The object recognition test, the common test for evaluating nonspatial memory in rats, was used to assess the effect of PCP on nonspatial memory. This test was performed as previously described elsewhere with minor modification [26]. In brief, each rat was placed in an open field (80 cm long × 50 cm high × 60 cm wide) with two identical objects for 3 minutes (T1) and then was placed back to its home cage. Both objects should be placed in a symmetric position in the central line of the area. Then, the animal was orally given the assigned substance, and 30 minutes later, the second 3-minute trial was performed. In this session, one of the objects was replaced with the novel object which was totally different in shape and size at the same location. During the intertrial interval, the objects and open-field apparatus object were cleaned with 70% ethanol to avoid a confounding error induced by the influence of odor. The amount of time which the rat spent exploring each object was recorded and calculated as a novel object ratio (NOR) as the following equation:

NOR=TnovelTfamiliarTnovel+Tfamiliar,
(3)

where Tnovel = time spent to explore the novel object and Tfamiliar = time spent to explore the familiar object.

2.13. Histological Study

After perfusion, the brains were removed and fixed with 4% paraformaldehyde solution (pH 7.4) at 4°C. Then, they were cryoprotected in formalin-sucrose (30%) for 2-3 days. Serial sections of tissue containing prefrontal cortex were cut frozen on a cryostat (Thermo Scientific™ HM 525 Cryostat) at 20 μm thick and mounted on slides coated with 0.3% aqueous solution of gelatin containing 0.05% aluminum potassium sulfate. To stain with cresyl violet, the slides were air dried; hydrated by successive immersion in 95, 70, and 50% ethanol; stained in 0.5% cresyl violet for 2 min at room temperature; dehydrated by successive immersion in 50, 70, 95, and 100% ethanol and xylene; and mounted with DPX. Three representative slides containing the prefrontal cortex were selected according to the stereotaxic coordinates anteroposterior 2.5–4.5 mm and mediolateral 0.2–1.0 mm from the rat brain atlas [27]. The analysis was performed by a blinded observer. The evaluation was performed via Olympus light microscope model BH-2 (Japan) at 40x magnification. The density of survival neurons in medial prefrontal cortex area (mPFC) was expressed as number of cells/255 μm2.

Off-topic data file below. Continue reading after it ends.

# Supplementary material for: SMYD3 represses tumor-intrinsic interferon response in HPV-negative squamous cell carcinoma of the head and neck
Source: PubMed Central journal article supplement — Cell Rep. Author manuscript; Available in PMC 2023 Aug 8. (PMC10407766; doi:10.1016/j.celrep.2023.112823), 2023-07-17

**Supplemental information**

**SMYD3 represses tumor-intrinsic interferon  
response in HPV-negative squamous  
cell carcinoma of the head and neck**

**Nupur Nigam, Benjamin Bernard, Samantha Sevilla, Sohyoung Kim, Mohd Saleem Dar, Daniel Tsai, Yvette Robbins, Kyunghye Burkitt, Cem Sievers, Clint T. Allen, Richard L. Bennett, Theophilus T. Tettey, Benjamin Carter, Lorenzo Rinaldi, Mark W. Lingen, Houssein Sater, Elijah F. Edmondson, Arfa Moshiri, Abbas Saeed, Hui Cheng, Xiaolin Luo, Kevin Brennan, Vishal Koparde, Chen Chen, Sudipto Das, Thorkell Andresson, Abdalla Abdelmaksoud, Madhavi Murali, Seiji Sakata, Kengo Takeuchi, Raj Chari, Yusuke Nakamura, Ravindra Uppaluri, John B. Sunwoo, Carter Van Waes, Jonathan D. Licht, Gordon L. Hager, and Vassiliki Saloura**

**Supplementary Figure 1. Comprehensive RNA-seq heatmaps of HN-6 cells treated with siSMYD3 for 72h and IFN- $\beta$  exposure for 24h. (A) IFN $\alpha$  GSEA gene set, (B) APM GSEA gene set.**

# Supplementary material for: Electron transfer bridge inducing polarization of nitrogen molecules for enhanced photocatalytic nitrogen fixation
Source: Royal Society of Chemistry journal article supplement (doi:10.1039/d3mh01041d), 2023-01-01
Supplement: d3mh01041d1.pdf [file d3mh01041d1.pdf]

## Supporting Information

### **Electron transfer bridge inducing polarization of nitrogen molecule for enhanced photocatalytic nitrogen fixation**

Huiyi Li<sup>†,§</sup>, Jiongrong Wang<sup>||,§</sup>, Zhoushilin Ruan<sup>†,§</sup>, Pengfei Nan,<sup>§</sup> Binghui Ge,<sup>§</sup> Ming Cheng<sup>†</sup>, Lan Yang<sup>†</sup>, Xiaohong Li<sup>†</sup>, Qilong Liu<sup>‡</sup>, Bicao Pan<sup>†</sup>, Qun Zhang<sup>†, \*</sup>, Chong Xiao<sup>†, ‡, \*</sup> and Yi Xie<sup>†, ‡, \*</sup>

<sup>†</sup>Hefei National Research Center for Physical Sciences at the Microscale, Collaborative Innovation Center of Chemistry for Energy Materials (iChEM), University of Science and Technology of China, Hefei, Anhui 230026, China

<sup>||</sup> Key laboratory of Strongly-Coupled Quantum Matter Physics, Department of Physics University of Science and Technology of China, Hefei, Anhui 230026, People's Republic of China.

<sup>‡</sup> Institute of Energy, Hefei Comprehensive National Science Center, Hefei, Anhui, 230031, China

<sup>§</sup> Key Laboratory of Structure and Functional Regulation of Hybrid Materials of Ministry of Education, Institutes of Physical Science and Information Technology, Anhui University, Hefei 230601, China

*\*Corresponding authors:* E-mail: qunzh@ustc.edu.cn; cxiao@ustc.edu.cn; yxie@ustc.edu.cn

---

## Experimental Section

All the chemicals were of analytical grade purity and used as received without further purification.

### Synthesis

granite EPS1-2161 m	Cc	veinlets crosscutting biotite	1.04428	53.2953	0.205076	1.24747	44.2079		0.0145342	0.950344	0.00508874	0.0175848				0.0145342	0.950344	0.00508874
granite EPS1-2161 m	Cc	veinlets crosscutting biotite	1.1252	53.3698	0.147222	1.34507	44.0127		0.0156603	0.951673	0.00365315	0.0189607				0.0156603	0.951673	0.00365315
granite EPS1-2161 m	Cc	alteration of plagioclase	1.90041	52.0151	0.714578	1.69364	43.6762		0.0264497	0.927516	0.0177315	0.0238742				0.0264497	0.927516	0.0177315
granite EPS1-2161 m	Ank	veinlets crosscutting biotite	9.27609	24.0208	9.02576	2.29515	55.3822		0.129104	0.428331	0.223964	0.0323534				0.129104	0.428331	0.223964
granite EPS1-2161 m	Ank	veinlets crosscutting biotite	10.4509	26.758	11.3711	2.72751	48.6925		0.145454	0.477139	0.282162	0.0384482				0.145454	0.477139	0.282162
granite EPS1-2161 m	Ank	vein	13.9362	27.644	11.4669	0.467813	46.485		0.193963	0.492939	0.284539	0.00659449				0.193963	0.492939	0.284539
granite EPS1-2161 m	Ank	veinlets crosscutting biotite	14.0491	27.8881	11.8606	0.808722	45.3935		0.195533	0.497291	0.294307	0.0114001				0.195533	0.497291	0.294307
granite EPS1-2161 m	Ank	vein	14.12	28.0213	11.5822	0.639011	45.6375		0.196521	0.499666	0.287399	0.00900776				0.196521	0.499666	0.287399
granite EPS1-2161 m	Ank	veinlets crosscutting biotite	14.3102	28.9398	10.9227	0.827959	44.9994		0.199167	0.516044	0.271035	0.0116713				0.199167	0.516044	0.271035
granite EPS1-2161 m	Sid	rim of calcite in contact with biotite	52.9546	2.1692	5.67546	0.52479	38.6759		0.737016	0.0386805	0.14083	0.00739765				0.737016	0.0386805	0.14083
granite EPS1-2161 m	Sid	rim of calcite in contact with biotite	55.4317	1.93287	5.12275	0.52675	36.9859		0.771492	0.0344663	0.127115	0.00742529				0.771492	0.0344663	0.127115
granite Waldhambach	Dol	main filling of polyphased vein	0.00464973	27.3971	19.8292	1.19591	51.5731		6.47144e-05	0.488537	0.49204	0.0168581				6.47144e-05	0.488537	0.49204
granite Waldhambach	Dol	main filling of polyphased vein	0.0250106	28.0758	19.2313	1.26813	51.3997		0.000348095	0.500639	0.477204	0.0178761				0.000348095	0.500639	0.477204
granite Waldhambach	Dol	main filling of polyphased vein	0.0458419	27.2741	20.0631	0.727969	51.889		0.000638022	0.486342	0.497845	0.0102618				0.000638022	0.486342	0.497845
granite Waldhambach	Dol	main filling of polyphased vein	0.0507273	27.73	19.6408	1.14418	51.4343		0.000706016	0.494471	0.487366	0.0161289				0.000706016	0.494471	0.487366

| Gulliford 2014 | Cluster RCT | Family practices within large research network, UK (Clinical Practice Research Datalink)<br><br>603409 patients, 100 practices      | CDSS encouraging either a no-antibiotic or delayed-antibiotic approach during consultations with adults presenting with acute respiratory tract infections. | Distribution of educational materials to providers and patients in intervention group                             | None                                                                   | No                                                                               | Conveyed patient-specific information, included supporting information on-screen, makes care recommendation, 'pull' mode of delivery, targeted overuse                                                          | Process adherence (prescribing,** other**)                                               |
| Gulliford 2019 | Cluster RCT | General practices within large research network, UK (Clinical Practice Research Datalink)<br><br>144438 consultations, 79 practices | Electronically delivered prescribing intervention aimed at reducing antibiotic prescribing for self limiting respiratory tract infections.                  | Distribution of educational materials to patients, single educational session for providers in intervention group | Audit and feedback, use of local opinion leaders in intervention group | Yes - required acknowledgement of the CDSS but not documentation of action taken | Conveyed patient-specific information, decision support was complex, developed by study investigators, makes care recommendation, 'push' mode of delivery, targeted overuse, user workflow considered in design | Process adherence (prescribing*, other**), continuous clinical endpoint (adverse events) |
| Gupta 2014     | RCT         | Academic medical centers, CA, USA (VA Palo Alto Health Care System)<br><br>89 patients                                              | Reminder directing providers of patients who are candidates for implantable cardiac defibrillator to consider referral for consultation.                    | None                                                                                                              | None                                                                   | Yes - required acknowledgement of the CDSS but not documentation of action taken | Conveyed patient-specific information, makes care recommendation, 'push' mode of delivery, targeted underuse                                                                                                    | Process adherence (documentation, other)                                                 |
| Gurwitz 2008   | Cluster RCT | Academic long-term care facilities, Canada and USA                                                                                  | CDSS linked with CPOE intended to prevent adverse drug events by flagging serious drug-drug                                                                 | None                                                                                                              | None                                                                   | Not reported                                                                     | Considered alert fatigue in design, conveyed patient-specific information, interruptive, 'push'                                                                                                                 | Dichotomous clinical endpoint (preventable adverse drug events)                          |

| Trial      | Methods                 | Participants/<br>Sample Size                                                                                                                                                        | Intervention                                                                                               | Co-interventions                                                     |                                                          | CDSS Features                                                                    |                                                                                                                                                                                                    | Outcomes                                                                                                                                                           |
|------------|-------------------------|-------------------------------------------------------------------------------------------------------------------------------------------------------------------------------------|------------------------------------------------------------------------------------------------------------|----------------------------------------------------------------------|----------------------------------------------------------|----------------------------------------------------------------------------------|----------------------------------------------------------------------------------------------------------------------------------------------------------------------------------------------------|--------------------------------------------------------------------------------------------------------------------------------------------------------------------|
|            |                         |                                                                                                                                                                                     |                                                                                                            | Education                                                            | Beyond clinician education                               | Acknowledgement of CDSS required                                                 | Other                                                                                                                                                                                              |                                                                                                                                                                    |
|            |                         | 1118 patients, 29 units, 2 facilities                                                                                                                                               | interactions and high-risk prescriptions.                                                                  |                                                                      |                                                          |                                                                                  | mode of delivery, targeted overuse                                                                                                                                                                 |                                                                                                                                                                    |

2.14. Determination of Extracellular Signal-Regulated Kinase 1/2 (ERK1/2) Expression

The prefrontal cortex was subjected to a 2-minute homogenization in 1/10 (w/v) M-PER mammalian protein extraction (Pierce Protein Biology Product, Rockford, IL, USA) containing protease inhibitor cocktail (Sigma-Aldrich). Then, it was centrifuged at 14,000g for 10 minutes at 4°C. The supernatant was harvested and used for the determination of ERK1/2 expression. Protein concentration of the supernatant was quantified by using NanoDrop instrument (Thermo Fisher Scientific, Wilmington, Delaware USA). Total 30 μg of brain samples were separated by 10% sodium dodecyl sulfate polyacrylamide gel electrophoresis (SDS-PAGE) at 80 V. All protein bands were transferred.

The determination of ERK1/2 protein was performed according to the method previously described with a minor modification [28]. Total of 30 μg of brain samples were separated by 10% sodium dodecyl sulfate polyacrylamide gel electrophoresis (SDS-PAGE) at 80 V. Proteins from the gel were transferred to a nitrocellulose membrane (Bio-Rad Laboratories) and blocked with 5% nonfat dry milk in 0.1% tween 20 tris-buffered saline (TBS-T) for 30 minutes. After the blocking of a membrane, they were incubated with primary antibody which recognized ERK1/2 or monoclonal rabbit antiphosphorylated p44/p42 mitogen-activated protein kinase (MAPK) (Cell Signaling Technology Inc.; dilution, 1 : 1000) for 2 hours at room temperature. Then, they washed and incubated with secondary antibody conjugated with horseradish peroxidase or anti-rabbit IgG, HRP-linked antibody (Cell Signaling Technology Inc.; dilution, 1 : 2000) for 2 hours at room temperature. The band density was detected with an enhanced chemiluminescent (ECL) system (GE Healthcare, Piscataway, NJ). The analysis was performed using ImageQuant TL analysis software (GE Healthcare, Piscataway, NJ). The expression was normalized using antitotal ERK1/2. Data were presented as a relative density to the naïve control.

2.15. Biochemical Assays

The prefrontal cortex, an important area in learning and memory, was isolated and prepared as brain homogenate by subjecting to homogenization with 50 volume of 0.1 M phosphate buffer saline. Then, the homogenate was used for the determination of acetylcholinesterase (AChE) activity and oxidative stress status including malondialdehyde (MDA) level and the activities of superoxide dismutase (SOD), catalase (CAT), and glutathione peroxidase (GSH-Px). Protein concentration was assessed according to the Lowry method [29] and albumin bovine serum (2–20 mg/ml) was used as a standard.